According to new research by a team of international researchers, it has concluded that the 2019 Amazon wildfires should not be considered “normal” despite such claims made earlier this year by the Brazilian Government, adding that increased deforestation has likely led to an above-average fire year.
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The number of active fires in August of this year was three times higher than in 2018 and the highest since 2010. It is unclear what was burning to create so many fires, and researchers at Lancaster University say that pinpointing fuel types is crucial to understanding impacts and identifying potential solutions.
“Managing Amazonian fires requires understanding what is burning, what drives contagion and extent, and how different drivers combine to make the Amazon more flammable,” write the authors in Global Change Biology.
“The marked upturn in both active fire counts and deforestation in 2019, therefore, refutes suggestions by the Brazilian government that August 2019 was a normal fire month in the Amazon,” said study lead author Jos Barlow of Lancaster University in a statement.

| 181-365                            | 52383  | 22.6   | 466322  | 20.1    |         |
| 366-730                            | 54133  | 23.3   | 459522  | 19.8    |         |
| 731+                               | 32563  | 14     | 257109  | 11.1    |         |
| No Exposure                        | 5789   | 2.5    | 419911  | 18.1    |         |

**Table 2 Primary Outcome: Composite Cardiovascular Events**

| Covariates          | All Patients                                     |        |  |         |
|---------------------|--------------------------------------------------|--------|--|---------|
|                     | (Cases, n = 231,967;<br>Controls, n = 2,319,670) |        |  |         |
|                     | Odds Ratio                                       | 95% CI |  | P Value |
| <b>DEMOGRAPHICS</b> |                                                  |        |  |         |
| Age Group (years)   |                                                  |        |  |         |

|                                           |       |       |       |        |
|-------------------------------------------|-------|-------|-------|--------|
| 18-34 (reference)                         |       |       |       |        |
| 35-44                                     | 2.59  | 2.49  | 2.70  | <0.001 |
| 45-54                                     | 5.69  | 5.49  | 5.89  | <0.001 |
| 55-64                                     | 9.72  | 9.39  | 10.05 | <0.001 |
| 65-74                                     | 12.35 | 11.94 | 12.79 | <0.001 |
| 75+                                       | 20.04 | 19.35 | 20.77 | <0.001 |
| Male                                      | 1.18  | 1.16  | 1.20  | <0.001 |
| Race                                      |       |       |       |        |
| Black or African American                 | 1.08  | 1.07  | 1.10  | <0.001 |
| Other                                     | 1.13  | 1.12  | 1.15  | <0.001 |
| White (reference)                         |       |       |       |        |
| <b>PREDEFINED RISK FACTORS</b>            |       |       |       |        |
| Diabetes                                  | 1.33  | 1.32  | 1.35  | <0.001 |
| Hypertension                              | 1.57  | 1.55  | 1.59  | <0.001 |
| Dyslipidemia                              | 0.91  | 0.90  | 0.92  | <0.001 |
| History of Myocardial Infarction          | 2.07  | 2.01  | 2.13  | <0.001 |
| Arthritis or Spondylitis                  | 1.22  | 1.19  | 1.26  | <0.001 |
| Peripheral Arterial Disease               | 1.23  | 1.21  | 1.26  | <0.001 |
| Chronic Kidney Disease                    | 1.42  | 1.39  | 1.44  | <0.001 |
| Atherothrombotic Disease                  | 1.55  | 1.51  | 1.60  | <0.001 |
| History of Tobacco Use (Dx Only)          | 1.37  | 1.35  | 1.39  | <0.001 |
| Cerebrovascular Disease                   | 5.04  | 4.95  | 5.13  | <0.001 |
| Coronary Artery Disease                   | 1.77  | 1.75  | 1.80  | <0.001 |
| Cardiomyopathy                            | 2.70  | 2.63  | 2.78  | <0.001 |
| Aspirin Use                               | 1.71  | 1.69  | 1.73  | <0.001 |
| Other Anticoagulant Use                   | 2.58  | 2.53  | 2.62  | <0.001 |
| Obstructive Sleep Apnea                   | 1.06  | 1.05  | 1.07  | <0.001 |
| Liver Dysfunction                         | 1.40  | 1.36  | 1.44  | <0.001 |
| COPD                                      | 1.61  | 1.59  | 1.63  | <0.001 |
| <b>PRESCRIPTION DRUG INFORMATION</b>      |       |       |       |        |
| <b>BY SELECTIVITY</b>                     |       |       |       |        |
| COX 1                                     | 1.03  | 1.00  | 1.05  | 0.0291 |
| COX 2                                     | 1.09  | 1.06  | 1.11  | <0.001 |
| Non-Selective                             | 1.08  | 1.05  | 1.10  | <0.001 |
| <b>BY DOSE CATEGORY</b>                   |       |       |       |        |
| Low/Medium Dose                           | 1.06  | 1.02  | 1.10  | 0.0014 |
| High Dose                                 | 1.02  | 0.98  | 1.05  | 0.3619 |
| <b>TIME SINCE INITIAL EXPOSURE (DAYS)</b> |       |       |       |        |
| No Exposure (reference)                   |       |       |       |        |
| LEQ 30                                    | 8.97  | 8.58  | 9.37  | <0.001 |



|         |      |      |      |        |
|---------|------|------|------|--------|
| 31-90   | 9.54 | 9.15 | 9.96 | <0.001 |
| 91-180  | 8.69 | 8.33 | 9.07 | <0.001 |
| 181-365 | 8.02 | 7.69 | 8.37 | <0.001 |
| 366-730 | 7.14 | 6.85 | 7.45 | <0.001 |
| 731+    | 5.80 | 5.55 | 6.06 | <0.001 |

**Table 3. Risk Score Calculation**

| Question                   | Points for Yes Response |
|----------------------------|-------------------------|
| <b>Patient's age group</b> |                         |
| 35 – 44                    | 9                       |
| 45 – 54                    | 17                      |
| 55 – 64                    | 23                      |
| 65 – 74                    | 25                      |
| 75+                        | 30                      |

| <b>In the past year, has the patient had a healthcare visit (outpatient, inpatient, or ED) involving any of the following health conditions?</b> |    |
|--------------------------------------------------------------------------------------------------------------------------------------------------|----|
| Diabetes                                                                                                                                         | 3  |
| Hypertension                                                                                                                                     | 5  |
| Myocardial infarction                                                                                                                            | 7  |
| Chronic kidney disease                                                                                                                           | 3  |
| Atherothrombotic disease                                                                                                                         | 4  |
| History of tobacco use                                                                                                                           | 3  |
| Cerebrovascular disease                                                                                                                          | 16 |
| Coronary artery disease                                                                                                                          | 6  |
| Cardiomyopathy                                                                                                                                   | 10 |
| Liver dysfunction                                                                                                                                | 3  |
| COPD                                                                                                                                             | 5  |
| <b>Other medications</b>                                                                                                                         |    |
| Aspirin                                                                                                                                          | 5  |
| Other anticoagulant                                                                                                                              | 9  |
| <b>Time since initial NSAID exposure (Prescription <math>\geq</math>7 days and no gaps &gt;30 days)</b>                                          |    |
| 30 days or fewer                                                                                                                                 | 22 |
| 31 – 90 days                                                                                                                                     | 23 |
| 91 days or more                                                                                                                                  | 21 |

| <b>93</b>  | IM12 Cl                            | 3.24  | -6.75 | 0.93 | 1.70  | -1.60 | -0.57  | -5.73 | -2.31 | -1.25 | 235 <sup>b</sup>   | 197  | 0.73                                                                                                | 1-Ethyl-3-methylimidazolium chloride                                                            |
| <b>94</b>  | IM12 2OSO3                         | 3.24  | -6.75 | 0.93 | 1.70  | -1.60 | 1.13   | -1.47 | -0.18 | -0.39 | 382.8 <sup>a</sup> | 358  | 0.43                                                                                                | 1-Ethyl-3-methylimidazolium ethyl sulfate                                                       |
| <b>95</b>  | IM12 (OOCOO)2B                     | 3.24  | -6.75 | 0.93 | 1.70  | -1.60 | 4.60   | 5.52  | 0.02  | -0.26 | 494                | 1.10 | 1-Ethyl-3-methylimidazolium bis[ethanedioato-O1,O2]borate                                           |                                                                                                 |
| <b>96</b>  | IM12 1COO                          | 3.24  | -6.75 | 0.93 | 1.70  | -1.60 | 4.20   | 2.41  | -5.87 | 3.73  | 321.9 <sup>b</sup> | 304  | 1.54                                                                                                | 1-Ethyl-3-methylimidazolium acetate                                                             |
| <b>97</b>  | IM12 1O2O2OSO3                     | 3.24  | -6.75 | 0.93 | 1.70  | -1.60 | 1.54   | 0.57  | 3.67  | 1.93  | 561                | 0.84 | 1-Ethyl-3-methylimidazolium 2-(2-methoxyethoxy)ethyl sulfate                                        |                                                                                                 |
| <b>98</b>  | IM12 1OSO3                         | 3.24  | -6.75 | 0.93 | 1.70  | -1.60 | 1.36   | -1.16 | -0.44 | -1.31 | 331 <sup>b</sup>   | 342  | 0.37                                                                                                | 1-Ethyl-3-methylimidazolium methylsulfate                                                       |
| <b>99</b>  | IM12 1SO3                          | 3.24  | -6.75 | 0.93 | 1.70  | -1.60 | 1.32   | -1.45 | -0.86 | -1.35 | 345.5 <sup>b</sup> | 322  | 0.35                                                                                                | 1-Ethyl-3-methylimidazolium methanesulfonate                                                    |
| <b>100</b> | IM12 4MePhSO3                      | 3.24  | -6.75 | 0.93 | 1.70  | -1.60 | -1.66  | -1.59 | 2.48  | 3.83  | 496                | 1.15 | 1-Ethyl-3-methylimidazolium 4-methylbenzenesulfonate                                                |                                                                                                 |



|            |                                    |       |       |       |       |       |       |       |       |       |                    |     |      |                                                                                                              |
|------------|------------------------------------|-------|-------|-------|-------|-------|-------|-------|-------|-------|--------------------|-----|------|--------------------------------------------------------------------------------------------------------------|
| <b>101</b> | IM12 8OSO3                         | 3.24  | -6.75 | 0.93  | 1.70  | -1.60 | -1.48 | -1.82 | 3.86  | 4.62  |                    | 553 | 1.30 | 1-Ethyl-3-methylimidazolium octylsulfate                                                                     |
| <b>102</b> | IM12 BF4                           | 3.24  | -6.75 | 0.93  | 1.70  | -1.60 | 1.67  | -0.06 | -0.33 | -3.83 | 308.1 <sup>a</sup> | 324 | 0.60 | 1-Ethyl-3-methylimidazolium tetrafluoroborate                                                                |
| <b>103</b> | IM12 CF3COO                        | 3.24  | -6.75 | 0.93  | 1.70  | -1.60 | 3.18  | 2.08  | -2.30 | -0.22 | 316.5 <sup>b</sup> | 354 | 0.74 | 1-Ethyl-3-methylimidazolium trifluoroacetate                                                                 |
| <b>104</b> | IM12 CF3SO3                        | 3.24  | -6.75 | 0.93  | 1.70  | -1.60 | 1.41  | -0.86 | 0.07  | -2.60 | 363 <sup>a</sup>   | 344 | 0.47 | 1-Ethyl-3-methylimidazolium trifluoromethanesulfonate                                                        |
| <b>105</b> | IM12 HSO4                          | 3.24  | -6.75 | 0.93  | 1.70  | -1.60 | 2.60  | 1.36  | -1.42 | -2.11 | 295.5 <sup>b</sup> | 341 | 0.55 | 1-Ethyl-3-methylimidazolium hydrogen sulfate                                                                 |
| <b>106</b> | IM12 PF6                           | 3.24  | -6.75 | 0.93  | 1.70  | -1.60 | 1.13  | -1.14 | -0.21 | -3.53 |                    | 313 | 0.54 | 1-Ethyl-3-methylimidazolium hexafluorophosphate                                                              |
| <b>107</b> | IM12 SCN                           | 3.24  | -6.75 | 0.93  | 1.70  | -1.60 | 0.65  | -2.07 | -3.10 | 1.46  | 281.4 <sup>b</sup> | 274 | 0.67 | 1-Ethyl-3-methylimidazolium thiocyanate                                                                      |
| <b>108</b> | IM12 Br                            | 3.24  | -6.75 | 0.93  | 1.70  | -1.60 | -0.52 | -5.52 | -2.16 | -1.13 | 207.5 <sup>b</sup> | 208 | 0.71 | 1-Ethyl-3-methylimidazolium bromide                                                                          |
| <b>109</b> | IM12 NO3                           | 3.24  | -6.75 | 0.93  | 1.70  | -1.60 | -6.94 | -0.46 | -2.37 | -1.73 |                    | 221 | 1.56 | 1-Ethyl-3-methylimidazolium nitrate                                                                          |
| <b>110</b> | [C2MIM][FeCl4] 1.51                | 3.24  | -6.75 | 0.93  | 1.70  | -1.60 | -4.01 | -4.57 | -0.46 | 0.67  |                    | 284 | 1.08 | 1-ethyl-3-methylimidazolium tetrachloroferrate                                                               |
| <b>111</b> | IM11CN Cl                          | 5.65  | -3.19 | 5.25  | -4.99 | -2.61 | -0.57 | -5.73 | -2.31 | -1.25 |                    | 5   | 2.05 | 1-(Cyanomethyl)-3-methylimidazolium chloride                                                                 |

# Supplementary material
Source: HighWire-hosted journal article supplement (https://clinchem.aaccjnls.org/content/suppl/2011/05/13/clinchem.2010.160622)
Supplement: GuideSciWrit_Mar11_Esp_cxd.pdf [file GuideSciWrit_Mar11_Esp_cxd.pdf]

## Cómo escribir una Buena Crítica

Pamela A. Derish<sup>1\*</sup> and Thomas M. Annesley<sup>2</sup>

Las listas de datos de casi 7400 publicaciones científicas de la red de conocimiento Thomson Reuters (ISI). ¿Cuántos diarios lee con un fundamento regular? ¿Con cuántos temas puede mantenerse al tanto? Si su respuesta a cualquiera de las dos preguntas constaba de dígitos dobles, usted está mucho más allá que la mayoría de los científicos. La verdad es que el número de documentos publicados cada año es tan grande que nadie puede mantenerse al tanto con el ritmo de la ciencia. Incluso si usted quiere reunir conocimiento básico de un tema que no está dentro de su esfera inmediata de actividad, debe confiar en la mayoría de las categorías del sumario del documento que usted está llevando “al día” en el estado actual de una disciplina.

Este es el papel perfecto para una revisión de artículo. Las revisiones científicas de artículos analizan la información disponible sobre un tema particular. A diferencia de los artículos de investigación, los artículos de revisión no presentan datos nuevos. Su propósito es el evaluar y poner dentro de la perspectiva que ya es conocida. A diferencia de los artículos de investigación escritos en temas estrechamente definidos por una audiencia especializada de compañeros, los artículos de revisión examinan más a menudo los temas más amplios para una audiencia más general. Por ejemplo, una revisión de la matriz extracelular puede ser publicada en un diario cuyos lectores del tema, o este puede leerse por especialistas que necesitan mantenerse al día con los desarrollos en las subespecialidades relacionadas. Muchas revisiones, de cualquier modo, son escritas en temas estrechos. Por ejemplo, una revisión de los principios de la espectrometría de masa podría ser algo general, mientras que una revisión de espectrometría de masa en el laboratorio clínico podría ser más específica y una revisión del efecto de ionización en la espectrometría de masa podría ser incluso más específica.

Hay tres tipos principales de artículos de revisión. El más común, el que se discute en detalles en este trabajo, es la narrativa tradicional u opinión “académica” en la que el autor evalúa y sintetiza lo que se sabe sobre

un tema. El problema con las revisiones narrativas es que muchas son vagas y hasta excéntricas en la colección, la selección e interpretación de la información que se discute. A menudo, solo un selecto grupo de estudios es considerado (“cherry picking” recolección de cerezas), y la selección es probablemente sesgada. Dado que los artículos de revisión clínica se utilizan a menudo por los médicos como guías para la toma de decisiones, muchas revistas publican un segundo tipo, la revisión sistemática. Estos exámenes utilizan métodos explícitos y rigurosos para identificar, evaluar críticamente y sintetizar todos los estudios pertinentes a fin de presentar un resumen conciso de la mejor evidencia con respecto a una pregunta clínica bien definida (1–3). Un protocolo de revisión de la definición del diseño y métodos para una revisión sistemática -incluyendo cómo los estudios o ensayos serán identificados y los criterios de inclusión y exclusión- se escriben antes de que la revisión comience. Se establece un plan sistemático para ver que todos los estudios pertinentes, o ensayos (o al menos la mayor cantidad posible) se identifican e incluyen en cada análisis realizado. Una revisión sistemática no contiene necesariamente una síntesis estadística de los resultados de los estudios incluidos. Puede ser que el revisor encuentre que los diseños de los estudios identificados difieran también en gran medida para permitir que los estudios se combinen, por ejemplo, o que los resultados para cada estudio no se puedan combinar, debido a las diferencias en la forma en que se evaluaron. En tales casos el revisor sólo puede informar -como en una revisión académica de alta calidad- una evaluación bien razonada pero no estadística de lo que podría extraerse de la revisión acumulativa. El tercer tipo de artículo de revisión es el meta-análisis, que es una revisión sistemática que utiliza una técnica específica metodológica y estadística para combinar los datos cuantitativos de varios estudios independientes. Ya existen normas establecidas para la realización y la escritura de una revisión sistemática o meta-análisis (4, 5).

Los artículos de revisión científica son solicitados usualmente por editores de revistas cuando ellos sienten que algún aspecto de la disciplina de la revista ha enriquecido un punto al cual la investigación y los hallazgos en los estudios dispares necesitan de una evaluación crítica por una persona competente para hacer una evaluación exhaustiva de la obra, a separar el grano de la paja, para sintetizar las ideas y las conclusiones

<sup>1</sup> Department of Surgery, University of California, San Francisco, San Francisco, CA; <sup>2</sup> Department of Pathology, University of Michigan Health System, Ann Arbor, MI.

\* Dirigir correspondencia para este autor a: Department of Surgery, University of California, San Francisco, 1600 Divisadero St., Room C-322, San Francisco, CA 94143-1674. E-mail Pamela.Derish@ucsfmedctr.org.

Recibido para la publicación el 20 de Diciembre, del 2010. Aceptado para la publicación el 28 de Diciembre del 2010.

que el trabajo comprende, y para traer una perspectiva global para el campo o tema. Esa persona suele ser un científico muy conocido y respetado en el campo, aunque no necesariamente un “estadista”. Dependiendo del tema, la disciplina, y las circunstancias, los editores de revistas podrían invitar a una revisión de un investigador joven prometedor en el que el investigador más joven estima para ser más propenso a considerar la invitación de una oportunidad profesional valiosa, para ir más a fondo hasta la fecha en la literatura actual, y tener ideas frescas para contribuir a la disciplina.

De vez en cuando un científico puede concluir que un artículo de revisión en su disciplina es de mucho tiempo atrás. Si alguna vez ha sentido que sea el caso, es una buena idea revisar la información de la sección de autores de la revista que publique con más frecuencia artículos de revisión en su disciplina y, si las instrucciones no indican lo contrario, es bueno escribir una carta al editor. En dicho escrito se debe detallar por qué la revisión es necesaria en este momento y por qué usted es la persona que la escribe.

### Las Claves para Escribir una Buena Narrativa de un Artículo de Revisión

Wildfires are normal for parts of the Amazon rainforest in the late summer and early fall, but fires this year increased by at least 75 percent while deforestation rates have increased by 278 percent in July as compared to last year. The record number of wildfires required military personnel and planes to combat the wildfires and sparked the movement of carbon monoxide across the planet. Images taken from space showed just how extensive the more than 39,000 individual fires across the rainforest had become – such smoke plumes are usually the result of deforestation-related burns.
Without tackling deforestation, the study authors say that the world will “continue to see the largest rainforest in the world being turned to ashes.”
“Brazil has for the past decade been an environmental leader, showing to the world that it can successfully reduce deforestation. It is both economically and environmentally unwise to revert this trend,” said researcher Erika Berenguer of Lancaster University and the University of Oxford.
Fires decreased in September by 35 percent yet it is not clear if this is due to rains or a government moratorium on burning. Furthermore, the extent of burns is not necessarily clear as the number of individual fires doesn’t always reflect how much land burns.
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